“This should not hold up our regular audit,” she said. “At worst, there might be a subsequent event footnote… saying a special audit was done.”

Mao urged those in attendance to keep the issue in perspective, especially at such a difficult time with all that’s happening with the school district.

“We don’t have any allegations of financial impropriety at this point,” Mao said. “At this point, we just don’t know.”

The forensic auditor is expected to look at 50% of excess cost applications to see if there are a high number of errors. Normally, the auditors examine a random sampling of 25%, Buch said. Selectman David Bayne asked if the audit should look at more than 50%, but Buch said that number is the standard for forensic audits.

“They do a random sampling,” she said, noting that if a “significant” percentage shows errors, they will examine the entire year. If more errors are found, they could go back to 2012 and check those numbers. It’s unclear what number would be considered “significant” enough to require further examination.

Buch said the auditors could have a percentage in mind, and the town could request a more stringent threshold to trigger a deeper look, but not a more lenient one.

Mao recommended that the board choose a new auditor, in light of the intense spotlight on this issue. Board member Jon Zagrodzky agreed.

“It’s such a high profile topic, and it’s so important to get this right and for people in town to see, and so there’s no chance of bad appearance,” Zagrodzky said. “Just for this reason, we should go with a different firm.”

The board hasn’t decided which firm it would choose. The name CohnReznick came up, and Buch said most firms would be ready to perform the audit soon, since now is the time when many annual audits begin anyway.

Some confusion surfaced over the actual course of events surrounding the upcoming audit when board member Gwen Mogenson said the problems were found as part of the normal “audit procedure.”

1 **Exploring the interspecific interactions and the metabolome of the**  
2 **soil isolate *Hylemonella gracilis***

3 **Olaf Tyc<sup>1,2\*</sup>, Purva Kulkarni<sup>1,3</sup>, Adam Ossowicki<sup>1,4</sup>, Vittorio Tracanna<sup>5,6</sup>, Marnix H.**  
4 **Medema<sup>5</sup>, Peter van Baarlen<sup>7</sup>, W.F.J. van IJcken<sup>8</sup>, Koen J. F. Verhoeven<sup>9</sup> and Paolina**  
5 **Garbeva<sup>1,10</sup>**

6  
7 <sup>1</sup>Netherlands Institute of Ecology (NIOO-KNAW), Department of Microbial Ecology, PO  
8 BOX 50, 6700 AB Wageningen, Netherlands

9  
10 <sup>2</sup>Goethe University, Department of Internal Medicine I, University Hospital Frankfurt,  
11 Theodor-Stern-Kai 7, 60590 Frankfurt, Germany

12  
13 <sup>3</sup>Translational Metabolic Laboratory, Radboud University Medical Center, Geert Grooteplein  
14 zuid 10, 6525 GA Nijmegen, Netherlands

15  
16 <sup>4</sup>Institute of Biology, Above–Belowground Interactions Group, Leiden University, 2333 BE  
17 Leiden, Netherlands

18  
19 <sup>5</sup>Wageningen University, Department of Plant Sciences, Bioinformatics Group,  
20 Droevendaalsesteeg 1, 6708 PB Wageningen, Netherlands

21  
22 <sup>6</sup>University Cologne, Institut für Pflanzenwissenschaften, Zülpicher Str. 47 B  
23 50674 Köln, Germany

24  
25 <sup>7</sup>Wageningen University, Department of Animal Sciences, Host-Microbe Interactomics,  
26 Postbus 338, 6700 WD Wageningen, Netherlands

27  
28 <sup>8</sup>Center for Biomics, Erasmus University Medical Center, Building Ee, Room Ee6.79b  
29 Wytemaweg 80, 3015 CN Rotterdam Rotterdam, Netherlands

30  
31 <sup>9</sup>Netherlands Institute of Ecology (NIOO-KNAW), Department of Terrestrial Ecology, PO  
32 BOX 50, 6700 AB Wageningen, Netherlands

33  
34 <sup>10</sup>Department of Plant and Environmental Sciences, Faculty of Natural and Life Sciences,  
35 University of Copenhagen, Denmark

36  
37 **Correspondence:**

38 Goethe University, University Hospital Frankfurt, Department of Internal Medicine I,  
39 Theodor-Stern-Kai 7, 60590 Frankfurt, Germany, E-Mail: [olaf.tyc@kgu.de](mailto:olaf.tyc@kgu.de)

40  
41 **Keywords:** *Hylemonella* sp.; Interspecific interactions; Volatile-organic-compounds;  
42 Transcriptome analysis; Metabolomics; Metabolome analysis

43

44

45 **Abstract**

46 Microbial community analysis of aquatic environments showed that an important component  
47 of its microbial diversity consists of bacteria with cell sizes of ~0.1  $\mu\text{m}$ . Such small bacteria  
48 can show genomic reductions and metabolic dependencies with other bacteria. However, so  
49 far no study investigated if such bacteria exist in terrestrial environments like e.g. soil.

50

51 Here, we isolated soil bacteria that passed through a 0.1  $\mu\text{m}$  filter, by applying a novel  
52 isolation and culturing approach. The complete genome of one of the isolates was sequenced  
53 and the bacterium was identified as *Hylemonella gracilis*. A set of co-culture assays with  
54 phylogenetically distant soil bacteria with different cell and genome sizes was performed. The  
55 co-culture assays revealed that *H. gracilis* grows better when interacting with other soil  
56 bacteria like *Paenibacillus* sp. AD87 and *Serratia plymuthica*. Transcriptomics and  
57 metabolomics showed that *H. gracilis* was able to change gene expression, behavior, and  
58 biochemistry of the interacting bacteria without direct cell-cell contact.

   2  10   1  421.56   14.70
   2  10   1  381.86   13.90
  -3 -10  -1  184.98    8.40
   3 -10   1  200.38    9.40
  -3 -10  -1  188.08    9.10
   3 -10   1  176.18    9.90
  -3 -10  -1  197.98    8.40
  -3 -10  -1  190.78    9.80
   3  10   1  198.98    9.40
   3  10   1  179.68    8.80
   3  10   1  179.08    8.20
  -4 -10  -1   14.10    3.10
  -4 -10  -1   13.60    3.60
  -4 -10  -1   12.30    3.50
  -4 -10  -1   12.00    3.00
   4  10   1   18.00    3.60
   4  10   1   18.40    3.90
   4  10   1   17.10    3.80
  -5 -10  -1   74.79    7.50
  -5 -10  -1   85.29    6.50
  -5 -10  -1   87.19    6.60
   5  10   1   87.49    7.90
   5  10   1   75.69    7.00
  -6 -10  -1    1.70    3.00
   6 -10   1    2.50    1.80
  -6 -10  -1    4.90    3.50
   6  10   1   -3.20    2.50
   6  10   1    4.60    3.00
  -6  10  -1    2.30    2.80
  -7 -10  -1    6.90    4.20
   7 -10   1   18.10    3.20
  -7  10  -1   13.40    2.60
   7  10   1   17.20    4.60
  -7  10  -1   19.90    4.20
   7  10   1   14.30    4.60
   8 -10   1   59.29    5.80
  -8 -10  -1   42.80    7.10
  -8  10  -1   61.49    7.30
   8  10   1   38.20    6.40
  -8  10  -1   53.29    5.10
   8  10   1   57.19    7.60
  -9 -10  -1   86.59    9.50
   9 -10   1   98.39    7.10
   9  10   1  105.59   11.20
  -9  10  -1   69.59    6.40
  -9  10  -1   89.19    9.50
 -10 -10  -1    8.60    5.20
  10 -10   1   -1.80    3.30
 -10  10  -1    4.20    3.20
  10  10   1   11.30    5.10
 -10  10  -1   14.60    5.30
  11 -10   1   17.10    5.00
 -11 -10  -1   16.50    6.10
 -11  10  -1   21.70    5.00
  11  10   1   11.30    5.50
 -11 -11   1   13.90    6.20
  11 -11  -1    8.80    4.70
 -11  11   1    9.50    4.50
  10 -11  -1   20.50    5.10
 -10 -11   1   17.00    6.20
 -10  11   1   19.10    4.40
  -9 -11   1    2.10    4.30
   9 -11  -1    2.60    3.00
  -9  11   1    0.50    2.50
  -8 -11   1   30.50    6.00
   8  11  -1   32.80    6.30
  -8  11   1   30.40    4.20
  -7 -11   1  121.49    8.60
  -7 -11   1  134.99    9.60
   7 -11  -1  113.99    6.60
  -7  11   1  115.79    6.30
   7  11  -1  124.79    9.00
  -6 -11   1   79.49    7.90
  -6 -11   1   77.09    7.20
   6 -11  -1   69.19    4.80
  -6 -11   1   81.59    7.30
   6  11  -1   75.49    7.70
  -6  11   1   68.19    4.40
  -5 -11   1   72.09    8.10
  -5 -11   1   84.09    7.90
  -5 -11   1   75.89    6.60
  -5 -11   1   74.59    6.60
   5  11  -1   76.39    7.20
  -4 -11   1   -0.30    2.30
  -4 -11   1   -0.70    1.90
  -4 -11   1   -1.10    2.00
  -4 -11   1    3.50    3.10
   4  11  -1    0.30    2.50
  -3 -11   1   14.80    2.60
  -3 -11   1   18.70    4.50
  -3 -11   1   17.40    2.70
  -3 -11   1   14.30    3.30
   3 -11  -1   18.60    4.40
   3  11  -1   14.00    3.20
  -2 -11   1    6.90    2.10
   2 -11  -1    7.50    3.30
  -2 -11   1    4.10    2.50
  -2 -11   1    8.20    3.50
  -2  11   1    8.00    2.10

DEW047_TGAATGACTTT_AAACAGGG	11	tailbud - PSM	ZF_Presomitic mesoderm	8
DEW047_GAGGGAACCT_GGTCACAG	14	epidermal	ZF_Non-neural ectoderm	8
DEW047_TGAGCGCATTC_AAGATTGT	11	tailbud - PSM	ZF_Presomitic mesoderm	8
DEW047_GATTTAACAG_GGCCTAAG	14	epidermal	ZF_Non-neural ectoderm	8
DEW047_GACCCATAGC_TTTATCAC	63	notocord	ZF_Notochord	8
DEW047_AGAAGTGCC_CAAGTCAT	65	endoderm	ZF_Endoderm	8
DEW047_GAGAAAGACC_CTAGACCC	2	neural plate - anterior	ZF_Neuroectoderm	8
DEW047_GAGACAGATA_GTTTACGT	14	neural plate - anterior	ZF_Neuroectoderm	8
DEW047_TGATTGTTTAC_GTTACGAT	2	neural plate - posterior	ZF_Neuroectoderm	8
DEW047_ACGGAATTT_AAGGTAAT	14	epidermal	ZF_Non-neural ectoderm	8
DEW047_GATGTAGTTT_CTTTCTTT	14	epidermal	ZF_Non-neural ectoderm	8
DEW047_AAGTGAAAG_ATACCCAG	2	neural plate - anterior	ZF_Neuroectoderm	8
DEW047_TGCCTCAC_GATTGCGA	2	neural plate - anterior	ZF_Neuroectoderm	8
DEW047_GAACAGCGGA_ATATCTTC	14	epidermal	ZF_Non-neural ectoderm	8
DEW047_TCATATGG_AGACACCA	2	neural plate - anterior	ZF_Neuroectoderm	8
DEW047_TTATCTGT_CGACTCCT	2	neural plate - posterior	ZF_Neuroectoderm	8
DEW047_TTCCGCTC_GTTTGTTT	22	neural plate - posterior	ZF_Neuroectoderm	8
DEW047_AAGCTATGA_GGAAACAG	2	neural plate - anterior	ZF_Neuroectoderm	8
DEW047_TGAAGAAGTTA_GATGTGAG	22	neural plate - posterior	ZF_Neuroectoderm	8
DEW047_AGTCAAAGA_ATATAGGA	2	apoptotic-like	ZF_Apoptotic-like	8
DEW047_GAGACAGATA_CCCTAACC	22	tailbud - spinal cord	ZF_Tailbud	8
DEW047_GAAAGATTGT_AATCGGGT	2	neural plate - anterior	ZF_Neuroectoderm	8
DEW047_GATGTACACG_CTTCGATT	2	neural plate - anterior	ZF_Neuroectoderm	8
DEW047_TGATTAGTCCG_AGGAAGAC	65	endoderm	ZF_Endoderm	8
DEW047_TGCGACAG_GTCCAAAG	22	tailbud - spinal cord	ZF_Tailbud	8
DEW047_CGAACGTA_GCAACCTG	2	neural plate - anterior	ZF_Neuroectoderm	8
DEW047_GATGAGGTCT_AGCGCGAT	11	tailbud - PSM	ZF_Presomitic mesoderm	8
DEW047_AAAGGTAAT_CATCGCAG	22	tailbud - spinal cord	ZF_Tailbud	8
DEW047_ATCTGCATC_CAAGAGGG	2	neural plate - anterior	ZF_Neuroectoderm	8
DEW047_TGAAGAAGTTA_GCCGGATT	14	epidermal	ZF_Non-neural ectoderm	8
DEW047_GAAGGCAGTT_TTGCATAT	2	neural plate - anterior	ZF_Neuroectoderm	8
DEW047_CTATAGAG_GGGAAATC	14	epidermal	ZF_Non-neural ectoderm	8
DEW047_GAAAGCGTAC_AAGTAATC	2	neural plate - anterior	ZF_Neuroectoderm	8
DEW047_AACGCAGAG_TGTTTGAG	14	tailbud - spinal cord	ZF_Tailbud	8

This contrasted what was released by the first selectman’s office, which stated that the problems were exposed by investigator Gamm, who found some discrepancies in the district’s expense reimbursement reporting while examining the district’s special ed practices. Gamm is slated to present a “key findings” report to the public at the high school auditorium on Monday, Nov. 4, at 7 p.m.

Betsy Hagerty-Ross, Board of Ed chairman, clarified the order of events. Gamm told the Board of Ed about the problems, and the board gave her permission to contact McGladrey, the town’s auditors. Gamm did so through the school board’s attorney, Andi Bellach from Shipman & Goodwin. McGladrey then informed Buch, who told Jayme Stevenson, first selectman. Mao was then informed, and a special meeting was scheduled.

The finance board unanimously chose to hire a different auditor to avoid any appearance of impropriety. Members lauded McGladrey as a having done a good job, but the decision was made to assuage any assumptions of a conflict of interest. If the audit went back to 2012 and found errors in the random sampling that had already been vetted and approved by McGladrey, that firm could be put in a precarious position, Bayne pointed out.

Resident Walter Casey commended the Board of Finance for choosing an independent auditor, but urged them to look at 100% of the cases immediately.

“I’ve been an auditor,” Casey said. “I would go 100% and bury this thing… The elephant in the room is fraud. That’s what people think is out there. Find out how much, who did what… you gotta bury that.”

“I assure you if there is any fraud, we will find out,” Mao said. “I promise you, we will find out.”